Oakland's Day Wave on the Rise

Less than a year ago, Jackson Phillips’s Day Wave project didn’t even exist. The Marin native was living in New York after a stint in L.A., as he tried to get another band off the ground. It wasn’t until he decided to move back to the Bay — to a house in Oakland where he turned a room into a studio and started what would become Day Wave — that things would start to take off.

Fast forward to September 2015, Phillips is playing his first Day Wave headlining tour, opening shows in San Francisco for marquee indie rock names like Blonde Redhead (this week), Albert Hammond Jr of The Strokes, and even played a gig with rapper E-40. Day Wave’s jangly and breezy single, “Drag,” is getting consistent play on notable airwaves from BBC Radio 1 to KEXP, to satellite radio stations like Alt Nation and SiriusXMU.

“The thing I learned from living in New York and living L.A., is that I didn’t need to be in any specific place to start the band or make the music that I wanted to be making. That’s what I first thought coming out of college, but then I realized that I just need to be in a place where I can make good music. The internet is still gonna be there.”

Day Wave's Headcase EP, which Phillips self-produced from his Oakland home studio, certainly has an indie homemade charm. And while the indie scene seems saturated with bedroom-rock style bands, few manage to stand out, making the landscape ripe one for a formally trained musician like Phillips.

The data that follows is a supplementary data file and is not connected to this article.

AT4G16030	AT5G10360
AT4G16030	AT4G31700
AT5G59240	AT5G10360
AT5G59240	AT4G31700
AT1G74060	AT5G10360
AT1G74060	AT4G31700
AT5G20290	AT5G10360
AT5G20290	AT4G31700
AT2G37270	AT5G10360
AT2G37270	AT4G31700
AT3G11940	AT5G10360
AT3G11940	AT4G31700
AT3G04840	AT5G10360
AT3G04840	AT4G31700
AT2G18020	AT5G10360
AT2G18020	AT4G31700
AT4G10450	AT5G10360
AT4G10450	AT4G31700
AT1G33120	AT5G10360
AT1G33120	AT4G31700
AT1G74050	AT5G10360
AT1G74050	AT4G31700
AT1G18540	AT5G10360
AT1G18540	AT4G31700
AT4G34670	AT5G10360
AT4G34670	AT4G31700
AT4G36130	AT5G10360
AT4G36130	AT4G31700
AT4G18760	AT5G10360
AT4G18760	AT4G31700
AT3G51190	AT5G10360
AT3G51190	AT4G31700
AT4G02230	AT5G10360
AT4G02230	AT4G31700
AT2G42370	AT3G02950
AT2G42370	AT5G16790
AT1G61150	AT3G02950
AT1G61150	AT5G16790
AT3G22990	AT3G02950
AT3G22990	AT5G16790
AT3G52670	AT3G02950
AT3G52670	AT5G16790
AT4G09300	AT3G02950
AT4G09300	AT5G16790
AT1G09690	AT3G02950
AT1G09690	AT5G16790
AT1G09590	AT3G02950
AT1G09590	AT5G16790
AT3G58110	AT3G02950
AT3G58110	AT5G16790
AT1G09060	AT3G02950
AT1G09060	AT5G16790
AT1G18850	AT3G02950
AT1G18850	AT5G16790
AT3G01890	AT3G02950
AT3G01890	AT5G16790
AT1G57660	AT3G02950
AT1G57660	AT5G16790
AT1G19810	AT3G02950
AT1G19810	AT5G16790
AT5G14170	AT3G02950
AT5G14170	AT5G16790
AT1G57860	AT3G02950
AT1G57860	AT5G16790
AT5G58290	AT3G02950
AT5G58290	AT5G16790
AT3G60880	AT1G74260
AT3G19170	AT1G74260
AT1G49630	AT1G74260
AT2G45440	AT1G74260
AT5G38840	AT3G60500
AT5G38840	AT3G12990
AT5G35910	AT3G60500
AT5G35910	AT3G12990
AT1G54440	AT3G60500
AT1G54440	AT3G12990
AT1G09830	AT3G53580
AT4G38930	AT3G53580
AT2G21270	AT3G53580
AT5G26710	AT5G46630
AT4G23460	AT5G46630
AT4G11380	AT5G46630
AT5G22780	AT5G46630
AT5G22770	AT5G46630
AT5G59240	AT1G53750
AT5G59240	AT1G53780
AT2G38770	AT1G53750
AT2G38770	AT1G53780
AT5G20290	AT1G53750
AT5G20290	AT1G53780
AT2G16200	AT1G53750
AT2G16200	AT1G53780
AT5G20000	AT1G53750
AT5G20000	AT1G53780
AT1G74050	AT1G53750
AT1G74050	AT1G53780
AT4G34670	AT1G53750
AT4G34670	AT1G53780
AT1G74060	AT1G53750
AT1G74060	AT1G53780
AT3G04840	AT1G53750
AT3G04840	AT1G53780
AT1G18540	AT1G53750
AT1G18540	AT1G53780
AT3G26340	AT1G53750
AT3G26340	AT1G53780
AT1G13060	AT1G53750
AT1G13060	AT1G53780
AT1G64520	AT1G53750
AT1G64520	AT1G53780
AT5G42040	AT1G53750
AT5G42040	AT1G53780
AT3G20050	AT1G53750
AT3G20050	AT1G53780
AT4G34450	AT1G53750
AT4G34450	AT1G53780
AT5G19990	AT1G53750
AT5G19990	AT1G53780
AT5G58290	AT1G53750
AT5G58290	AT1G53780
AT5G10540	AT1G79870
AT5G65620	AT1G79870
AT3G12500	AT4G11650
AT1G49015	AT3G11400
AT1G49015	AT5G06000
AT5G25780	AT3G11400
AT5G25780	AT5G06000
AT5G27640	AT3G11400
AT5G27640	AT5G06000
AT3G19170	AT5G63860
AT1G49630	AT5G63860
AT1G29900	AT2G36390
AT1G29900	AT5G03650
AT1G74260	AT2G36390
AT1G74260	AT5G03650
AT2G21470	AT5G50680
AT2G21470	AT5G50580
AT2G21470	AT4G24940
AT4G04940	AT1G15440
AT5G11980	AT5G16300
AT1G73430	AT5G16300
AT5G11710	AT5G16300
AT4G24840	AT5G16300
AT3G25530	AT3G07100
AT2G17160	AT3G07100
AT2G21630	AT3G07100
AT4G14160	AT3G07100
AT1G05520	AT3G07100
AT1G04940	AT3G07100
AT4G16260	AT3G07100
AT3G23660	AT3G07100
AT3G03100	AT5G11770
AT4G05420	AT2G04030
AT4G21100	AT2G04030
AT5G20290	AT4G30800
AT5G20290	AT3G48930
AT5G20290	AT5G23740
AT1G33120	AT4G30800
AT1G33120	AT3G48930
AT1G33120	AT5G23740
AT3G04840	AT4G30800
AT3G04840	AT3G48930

A drum major at Boston's Berklee School of Music, Phillips now focuses on making “guitar music.” And with Day Wave, similar to Tame Impala’s Kevin Parker, he’s a producer first. “Producing a track is producing a track and if you understand theory, you can apply any instrument to it,” he says. The production on Headcase is layered and rich, with various distinguishable guitar tracks and reverby backing vocals on top of Phillips’ lead, rendering Day Wave’s sound a more interesting one than other bedroom-born projects.

Lyrically, Phillips’s music can come across as a millennial manifesto at times. On “Nothing At All,” he laments: “What am I good for? Somebody tell me? I don’t know anymore.” On “Total Zombie” he’s a self-deprecating version of himself who doesn’t notice love when it’s in front of him.

“I wanted to make something that felt more honest, something like the Beach Boys or Morrissey, where the lyrics are so great and you connect to it. When I talked about my own stuff, it worked so much better,” he says.

This isn’t Phillips’s first rodeo with band life either. He co-fronted the group Carousel for two years until he decided that he didn't want to make electronic pop music. But he credits his newfound approach with Day Wave to the lessons he learned with Carousel. 

“I’ve made mistakes in the past with my last band… and now I have the perspective of how to keep it together over time,” he says. 

The type of success that Day Wave is beginning to experience is a rarity of sorts for a Bay Area indie outfit and it raises the question of how the sound will develop. Phillips says that the last thing he wants is for Day Wave’s sound to come off as too alternative.

“I know things will grow sonically and the idea is to start lo-fi and leave room to grow. If you swing for the fence on your first try, you end up sounding like one of these ready-for-radio bands or something. I don’t wanna be boxed in.”

Day Wave opens for Blonde Redhead at The Independent on Mon 9/21 (sold out) and Tue 9/22. Tickets for 9/22 available here.

Day Wave also opens for Albert Hammond Jr. at the Independent on Friday 10/16 (Treasure Island Night Show) Tickets available here. 

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